Climbing Cliffs and Soaring Temperatures

We are on our way towards Beynac, in the Dordogne and it’s getting hotter…and hotter. We’ve left Souillac behind and have plunged into Dordogne proper, mostly following the lovely river. It’s a scenic drive and we’d love to stop and get lunch in any one of the outrageously beautiful villages on our route, but they are steadfastly anti-campervan, all car parks having low barriers or ‘no camping car’ signs.

On our way to Beynac there are plenty of great sights and we go first to Domme, a village perched on a hilltop [of course], where at least there is an allocated space for campervans next to a serviced aire. It’s a walk up, naturally, to the medieval village, which is very pretty, has wonderful views over the surrounding countryside and the usual array of tourist shops plus a Noddy train. There are also some splendid grottes, allegedly, although while we are enthused at the prospect of going underground to view the stallectites etc, not to mention getting into the cool caves away from the heat, the next ‘tour’ has just left…So we content ourselves with the views, the gardens, the architecture and a walk round the sightseeing trail- all very pleasant.

Then it’s on towards Beynac and, mid-afternoon we feel obliged to stop and park up to see Le Roche Gageac, a partly troglodyte village clinging on to a steep cliff. I’m a sucker for troglodyte communities, finding a fascination in homes that are burrowed into rock face with an outwardly conventional facade and an inner cave. There is an allocated field for campervans and motorhomes but the parking machine is unfathomable, refusing all efforts to pay, so I scribble a note: ‘nous sommes desolees’ and we head off across the car park proper- where we spot the parking warden, checking tickets. This is not good news. I tackle him and explain our problem, although he’s not amenable. Eventually he relents and gets our tickets for us.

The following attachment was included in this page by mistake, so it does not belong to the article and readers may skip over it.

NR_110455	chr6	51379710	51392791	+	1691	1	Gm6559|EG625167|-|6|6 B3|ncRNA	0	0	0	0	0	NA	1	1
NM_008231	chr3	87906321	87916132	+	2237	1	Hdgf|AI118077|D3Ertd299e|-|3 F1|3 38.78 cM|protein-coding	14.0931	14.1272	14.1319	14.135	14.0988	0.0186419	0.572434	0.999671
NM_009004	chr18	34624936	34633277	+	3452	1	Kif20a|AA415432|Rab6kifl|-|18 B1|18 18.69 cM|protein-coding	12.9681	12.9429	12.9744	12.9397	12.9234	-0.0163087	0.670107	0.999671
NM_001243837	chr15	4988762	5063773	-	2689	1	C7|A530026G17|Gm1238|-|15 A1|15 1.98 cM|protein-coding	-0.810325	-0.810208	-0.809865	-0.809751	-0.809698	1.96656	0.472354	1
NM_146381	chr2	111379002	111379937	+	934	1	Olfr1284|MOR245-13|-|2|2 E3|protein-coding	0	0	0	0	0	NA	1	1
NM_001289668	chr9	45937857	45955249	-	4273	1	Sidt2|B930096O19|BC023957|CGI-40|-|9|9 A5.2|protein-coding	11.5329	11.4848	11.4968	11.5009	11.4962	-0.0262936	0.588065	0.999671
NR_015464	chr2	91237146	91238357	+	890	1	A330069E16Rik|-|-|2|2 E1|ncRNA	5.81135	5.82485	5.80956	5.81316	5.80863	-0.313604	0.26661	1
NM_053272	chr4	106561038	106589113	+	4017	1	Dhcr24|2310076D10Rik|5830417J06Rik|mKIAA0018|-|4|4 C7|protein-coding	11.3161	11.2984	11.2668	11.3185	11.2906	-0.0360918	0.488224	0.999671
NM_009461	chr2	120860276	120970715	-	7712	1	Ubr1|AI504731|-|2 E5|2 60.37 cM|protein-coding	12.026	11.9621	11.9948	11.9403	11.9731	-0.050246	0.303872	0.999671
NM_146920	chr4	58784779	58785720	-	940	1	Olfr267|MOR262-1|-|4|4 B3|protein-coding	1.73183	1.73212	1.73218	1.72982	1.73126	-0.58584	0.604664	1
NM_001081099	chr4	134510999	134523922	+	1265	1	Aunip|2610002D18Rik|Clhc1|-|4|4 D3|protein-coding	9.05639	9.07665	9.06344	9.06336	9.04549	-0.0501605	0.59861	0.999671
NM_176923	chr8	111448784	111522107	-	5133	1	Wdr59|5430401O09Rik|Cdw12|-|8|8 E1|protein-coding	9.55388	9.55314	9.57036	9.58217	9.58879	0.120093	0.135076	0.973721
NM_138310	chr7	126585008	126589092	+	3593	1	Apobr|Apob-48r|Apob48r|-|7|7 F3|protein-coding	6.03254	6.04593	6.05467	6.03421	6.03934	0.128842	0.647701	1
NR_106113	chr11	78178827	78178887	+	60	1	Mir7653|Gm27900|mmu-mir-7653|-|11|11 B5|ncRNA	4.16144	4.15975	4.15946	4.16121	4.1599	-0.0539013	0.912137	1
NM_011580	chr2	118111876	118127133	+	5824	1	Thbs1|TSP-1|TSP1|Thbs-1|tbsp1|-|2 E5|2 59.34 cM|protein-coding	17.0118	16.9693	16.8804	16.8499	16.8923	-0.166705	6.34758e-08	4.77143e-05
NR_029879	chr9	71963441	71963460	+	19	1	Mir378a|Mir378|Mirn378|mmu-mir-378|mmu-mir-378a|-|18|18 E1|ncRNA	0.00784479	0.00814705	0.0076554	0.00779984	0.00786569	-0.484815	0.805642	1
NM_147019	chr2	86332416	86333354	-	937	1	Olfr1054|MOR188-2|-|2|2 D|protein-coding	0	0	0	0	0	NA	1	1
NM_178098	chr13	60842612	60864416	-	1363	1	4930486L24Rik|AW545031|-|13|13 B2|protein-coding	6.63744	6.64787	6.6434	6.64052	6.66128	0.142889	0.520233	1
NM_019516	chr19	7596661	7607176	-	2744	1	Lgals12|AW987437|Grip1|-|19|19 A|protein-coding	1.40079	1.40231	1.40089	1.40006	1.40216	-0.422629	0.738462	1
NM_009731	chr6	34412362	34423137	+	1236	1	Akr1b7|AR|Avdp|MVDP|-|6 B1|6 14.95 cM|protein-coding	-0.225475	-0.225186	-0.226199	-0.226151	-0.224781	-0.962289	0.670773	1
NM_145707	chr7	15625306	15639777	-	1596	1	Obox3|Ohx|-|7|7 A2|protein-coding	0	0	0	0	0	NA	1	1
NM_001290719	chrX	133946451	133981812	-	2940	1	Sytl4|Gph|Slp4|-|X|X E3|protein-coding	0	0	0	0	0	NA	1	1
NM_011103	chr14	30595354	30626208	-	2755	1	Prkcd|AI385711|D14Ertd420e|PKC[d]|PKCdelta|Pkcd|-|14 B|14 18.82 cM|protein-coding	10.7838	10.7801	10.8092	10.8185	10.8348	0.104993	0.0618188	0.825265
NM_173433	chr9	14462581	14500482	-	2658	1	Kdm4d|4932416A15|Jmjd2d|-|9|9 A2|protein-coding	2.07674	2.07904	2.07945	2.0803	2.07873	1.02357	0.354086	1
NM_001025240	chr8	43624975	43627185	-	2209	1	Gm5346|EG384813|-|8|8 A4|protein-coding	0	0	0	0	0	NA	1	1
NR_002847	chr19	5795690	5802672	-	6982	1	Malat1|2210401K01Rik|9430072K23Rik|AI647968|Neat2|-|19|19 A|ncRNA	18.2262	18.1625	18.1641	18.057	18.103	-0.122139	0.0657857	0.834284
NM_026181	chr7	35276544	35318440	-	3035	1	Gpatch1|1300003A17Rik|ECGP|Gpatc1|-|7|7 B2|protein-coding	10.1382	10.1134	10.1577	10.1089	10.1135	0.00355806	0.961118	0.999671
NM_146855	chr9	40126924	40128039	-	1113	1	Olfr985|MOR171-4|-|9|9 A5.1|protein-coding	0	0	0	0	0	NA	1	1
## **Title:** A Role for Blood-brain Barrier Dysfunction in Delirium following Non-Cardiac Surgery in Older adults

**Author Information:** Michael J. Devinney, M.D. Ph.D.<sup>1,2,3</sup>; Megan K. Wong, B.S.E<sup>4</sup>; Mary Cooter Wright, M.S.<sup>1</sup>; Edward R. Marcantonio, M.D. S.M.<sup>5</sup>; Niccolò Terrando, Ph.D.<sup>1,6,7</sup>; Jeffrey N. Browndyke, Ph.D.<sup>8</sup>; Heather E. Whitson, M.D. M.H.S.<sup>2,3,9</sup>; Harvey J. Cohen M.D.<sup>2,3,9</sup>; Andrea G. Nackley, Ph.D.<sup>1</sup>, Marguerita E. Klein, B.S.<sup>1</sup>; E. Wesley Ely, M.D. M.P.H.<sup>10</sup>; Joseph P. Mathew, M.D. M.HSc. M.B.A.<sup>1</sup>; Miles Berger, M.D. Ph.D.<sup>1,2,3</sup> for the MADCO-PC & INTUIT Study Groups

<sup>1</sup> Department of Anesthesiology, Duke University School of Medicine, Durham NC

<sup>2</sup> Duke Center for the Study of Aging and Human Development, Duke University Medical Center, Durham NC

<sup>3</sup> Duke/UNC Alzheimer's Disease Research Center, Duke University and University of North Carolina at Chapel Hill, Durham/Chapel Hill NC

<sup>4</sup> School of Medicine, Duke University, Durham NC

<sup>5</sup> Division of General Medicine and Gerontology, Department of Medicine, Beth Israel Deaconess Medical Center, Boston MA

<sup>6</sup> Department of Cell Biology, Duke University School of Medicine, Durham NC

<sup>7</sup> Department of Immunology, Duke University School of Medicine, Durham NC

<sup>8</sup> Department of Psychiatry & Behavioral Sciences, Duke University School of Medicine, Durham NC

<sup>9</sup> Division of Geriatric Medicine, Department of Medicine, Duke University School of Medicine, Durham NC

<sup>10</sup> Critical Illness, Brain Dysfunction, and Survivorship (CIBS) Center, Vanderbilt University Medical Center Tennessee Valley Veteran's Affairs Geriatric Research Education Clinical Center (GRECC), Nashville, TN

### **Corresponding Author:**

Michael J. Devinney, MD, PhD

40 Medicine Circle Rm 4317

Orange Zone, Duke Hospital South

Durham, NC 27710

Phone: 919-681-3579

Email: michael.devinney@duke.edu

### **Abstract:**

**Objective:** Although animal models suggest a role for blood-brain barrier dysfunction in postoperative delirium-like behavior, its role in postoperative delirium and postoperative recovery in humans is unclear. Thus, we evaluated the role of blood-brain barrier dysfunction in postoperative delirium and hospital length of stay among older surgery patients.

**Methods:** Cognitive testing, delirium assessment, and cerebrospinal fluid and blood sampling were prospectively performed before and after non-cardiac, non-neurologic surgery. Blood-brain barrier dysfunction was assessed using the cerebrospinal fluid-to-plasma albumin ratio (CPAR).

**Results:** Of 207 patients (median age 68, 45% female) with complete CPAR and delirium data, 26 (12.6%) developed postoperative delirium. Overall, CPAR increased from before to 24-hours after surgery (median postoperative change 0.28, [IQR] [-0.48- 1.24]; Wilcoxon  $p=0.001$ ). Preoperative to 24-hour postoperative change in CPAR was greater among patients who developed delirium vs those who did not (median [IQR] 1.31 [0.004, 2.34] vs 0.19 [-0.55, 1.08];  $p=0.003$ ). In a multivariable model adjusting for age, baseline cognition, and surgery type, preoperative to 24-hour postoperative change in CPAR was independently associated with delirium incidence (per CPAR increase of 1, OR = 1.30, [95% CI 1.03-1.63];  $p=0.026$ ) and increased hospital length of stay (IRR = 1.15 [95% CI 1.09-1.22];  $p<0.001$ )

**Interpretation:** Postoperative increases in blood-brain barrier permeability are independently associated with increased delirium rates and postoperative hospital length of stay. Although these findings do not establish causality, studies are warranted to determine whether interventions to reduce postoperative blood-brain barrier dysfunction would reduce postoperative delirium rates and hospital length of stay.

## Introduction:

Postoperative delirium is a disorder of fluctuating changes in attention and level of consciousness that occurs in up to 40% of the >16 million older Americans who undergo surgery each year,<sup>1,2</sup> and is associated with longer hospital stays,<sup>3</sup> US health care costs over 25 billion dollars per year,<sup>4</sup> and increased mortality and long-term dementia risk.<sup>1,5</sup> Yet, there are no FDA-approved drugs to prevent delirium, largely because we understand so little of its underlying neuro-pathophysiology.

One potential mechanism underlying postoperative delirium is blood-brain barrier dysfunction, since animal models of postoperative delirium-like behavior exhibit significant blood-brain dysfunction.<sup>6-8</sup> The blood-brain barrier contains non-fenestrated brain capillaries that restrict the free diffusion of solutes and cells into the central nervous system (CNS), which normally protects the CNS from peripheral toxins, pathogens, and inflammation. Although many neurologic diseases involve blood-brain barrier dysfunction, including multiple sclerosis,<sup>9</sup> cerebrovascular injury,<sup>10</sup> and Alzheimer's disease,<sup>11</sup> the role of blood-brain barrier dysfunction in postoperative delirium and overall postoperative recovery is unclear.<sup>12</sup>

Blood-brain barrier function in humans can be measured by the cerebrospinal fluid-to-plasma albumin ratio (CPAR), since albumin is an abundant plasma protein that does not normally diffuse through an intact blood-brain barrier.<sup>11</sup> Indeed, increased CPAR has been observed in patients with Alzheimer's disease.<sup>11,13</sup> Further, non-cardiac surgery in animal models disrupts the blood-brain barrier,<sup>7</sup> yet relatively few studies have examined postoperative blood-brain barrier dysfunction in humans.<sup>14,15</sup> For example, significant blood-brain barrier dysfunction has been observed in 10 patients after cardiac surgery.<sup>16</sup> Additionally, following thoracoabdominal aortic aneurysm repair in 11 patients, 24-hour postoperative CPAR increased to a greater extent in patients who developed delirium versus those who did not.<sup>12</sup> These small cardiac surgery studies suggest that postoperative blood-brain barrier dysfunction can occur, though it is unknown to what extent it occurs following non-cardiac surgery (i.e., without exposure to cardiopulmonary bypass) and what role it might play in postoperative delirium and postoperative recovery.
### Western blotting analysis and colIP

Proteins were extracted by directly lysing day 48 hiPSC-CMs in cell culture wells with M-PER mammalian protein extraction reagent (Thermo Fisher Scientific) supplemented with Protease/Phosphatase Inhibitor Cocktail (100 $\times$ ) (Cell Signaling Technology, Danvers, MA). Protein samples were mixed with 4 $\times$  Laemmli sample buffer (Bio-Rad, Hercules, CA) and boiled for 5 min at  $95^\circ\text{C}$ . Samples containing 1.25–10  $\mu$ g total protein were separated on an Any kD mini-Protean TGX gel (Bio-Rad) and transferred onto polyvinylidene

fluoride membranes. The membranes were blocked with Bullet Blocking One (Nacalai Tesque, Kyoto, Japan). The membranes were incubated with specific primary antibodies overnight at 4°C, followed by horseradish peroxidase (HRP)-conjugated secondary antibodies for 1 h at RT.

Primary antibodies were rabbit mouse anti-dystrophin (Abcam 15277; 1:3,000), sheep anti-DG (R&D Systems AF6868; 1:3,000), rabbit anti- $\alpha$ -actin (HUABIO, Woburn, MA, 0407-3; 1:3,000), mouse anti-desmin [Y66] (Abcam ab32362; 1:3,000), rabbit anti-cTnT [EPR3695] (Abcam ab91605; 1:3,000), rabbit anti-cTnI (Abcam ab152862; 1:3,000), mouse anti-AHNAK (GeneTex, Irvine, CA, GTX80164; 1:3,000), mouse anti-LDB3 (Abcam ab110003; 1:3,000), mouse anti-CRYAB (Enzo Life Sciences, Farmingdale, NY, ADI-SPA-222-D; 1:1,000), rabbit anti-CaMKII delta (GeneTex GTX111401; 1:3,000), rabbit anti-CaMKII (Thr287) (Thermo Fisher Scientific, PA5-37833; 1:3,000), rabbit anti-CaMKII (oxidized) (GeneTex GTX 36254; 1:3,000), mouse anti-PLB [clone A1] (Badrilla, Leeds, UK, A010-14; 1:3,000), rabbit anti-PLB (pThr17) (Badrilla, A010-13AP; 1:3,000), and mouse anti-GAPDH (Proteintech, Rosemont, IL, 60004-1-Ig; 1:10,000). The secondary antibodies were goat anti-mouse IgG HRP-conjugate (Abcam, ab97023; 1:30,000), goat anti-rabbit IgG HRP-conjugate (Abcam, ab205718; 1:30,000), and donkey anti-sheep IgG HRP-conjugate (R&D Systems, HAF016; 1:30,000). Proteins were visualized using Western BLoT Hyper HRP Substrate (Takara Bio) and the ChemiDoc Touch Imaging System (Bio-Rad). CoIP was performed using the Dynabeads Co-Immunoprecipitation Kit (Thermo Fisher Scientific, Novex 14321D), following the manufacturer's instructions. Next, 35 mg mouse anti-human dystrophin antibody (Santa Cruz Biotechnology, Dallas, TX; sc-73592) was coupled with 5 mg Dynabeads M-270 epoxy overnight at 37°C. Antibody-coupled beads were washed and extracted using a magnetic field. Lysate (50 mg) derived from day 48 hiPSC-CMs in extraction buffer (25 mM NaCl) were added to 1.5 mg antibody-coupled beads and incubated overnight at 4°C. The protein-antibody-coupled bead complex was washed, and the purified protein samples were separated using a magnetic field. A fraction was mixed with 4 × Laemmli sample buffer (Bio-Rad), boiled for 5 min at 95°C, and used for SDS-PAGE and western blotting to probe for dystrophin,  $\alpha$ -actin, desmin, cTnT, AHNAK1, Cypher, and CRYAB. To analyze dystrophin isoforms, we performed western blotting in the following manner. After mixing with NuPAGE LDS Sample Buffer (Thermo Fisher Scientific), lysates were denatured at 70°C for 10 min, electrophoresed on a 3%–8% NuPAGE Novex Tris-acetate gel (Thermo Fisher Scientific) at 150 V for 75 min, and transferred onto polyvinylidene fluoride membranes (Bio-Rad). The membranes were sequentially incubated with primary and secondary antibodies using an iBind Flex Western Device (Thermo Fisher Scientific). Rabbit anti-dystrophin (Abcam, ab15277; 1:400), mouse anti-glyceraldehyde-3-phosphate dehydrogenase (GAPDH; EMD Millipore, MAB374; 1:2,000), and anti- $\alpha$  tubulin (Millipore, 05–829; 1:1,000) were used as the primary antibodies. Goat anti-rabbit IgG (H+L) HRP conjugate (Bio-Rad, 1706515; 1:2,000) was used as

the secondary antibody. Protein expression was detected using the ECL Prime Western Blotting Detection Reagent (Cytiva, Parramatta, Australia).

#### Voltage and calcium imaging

We slog up to the lofty houses, stopping for a sorbet half way up, served by a sluggish teenager. The village is worth the effort of climbing in a heatwave, honey coloured cottages clinging to the cliff and swathed in riotous vines and roses and again, breathtaking views of the river below, miniature pleasure boats cruising and turning. A pale, fairytale chateau at the end of the village provides a backdrop.

Feeling we should get to our site as the afternoon progresses we call it a day and return to the van, which has become an oven; then it’s onwards to Beynac, where our chosen site lies almost opposite the Chateau de Beynac and its church, perched precariously, towering over the village, the road and the site. As we pull into the driveway a quick look reveals it’s busy- maybe ‘complet’? But no, the receptionist tells us there are spaces, which is a relief. The Dordogne is heaving with tourists, mainly Dutch and German with a smattering of we British.

Finding our pitch, however is like some devilish reality TV game, the site having been extended and the numbers along the shady alleyways seeming haphazard, but we get there. The rain we’d experienced in Souillac has churned much of the field into mud, which is drying slowly but is a little mucky. Nevertheless we are in- and the site is almost entirely shaded, which under the circumstances is a very good thing, because the heat is on, and is only going to rise…